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Association of Native American churches focused on growth through the Gospel

Family camp is a highlight for Hilltop Baptist Church each year.

LOWER BRULE, S.D. (BP) – For two months, Christian Little prayed. He fasted. He sought God’s guidance on his place in ministry. One night he had a dream and woke up at 3:15 a.m.

He felt called to be a missionary and assumed that meant he’d leave northwest Arkansas to go overseas.

Christian Little has served as pastor of Hilltop Baptist Church for eight years.

“God said, ‘No. You’re going back to your people,’” Little, pastor of Hilltop Baptist Church, told Baptist Press.

With his mother’s Cherokee heritage and Seminole on his father’s side, Little was familiar with navigating the differences in Native American cultures. It’s proven useful not only as a pastor, where he has served those in the Cherokee, Navajo and Lakota nations, but also as moderator of the First Nations Association, a network of Native American churches affiliated with the Dakota Baptist Convention.

A feel for ‘home’

Little’s move to South Dakota began eight years ago with a water leak.

On a mission trip with Builders for Christ, Hilltop’s then-pastor, Steve Osage, pressed Little on his future in ministry. They talked it over while delivering 200 coats in the community. Little, a self-described “city boy,” wasn’t sure about the remoteness of the area. However, he couldn’t shake the feeling that something about it felt like home.

That led to the months of seeking God’s will and a decision that placed Little at Hilltop Baptist.

Just as there are similarities and differences among tribes, so are there in the churches that make of the First Nations Association. The congregations average 50 members, but are spread across both North and South Dakota.

The biggest challenge is drawing enough helpers for the ministry.

Teens and children get ready to eat at Family Camp.

“The harvest is plentiful, but the workers are few,” said Little. “Another big challenge is spiritual growth.”

Mission teams help in planting those seeds. A Virginia church is going to join Burnt Swamp Association out of North Carolina to lead the annual family camp, held this year June 11-16 at Badlands Ministries in Medora, N.D.

The family camp moves to different locations in order to help with travel for churches. The registration fee is kept to $45, but scholarships are available.

In addition to discipleship, fellowship opportunities help generate peer support, especially among young people.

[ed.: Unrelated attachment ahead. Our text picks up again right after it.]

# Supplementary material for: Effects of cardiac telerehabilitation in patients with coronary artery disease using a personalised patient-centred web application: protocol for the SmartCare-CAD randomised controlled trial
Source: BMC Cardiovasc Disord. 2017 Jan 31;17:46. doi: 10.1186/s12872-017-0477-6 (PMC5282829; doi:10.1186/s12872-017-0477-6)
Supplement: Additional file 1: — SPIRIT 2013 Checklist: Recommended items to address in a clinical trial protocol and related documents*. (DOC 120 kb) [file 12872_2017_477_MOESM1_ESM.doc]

“It’s important for native kids to see other native kids serving God,” Little said. “There’s a bond there. You squash the taboo.”

Each summer, groups also attend Indian Falls Creek Camp at Falls Creek Conference Center in Oklahoma.

“Tribes from all over the country get together,” said Little. Other growth opportunities come through his church’s involvement in the Fellowship of Native American Christians, a group made up of Southern Baptist pastors.

Community contributions

Alexus Little, a member of Hilltop Baptist Church in Lower Brule, S.D., distributes toys to children last Christmas.

Relationships are also important among local tribal council leaders. An investigative report last year through the U.S. Bureau of Indian Affairs documented the forced assimilation through mandatory boarding schools of Native Americans, Alaskan Natives and Native Hawaiians in the U.S. between 1819 and 1969.

Southern Baptist churches were not directly named in the report. However, it stated that several denominations were involved in operating the boarding schools, nearly 75 percent of which were located in Oklahoma.

At the 2022 SBC Annual Meeting in Anaheim, Southern Baptists adopted a resolution condemning the “diabolical plan to dispossess these people groups from their native lands by forced assimilation.”

Mike Keahbone, pastor of First Baptist Church in Lawton, Okla., led the way in drafting the resolution and read it in July at a “Road to Healing” tour event sponsored by the U.S. Department of the Interior in conjunction with the Federal Indian Boarding School Initiative.

Tension remains between churches and local councils. However, churches continue to minister in various ways. Hilltop has delivered toys and provides a food pantry. Little is asked to pray before basketball games, which can get intense among schools and even rec leagues.

“Res ball,” as Little called it, goes at a fast pace. At 47 years old he can still get up and down the court, even if not like he once could.

But that’s where partners come into play. Distribute the ball to who is position to score. You can contribute to a win, but success requires help.

He sees the same principles at work in his church and others.

“God is really moving here,” Little said. “We may look at what’s not working, but He’s reminding us what is working. Lives are being changed.

“Our timing isn’t the priority. God gives the increase, and it’s all to His glory.”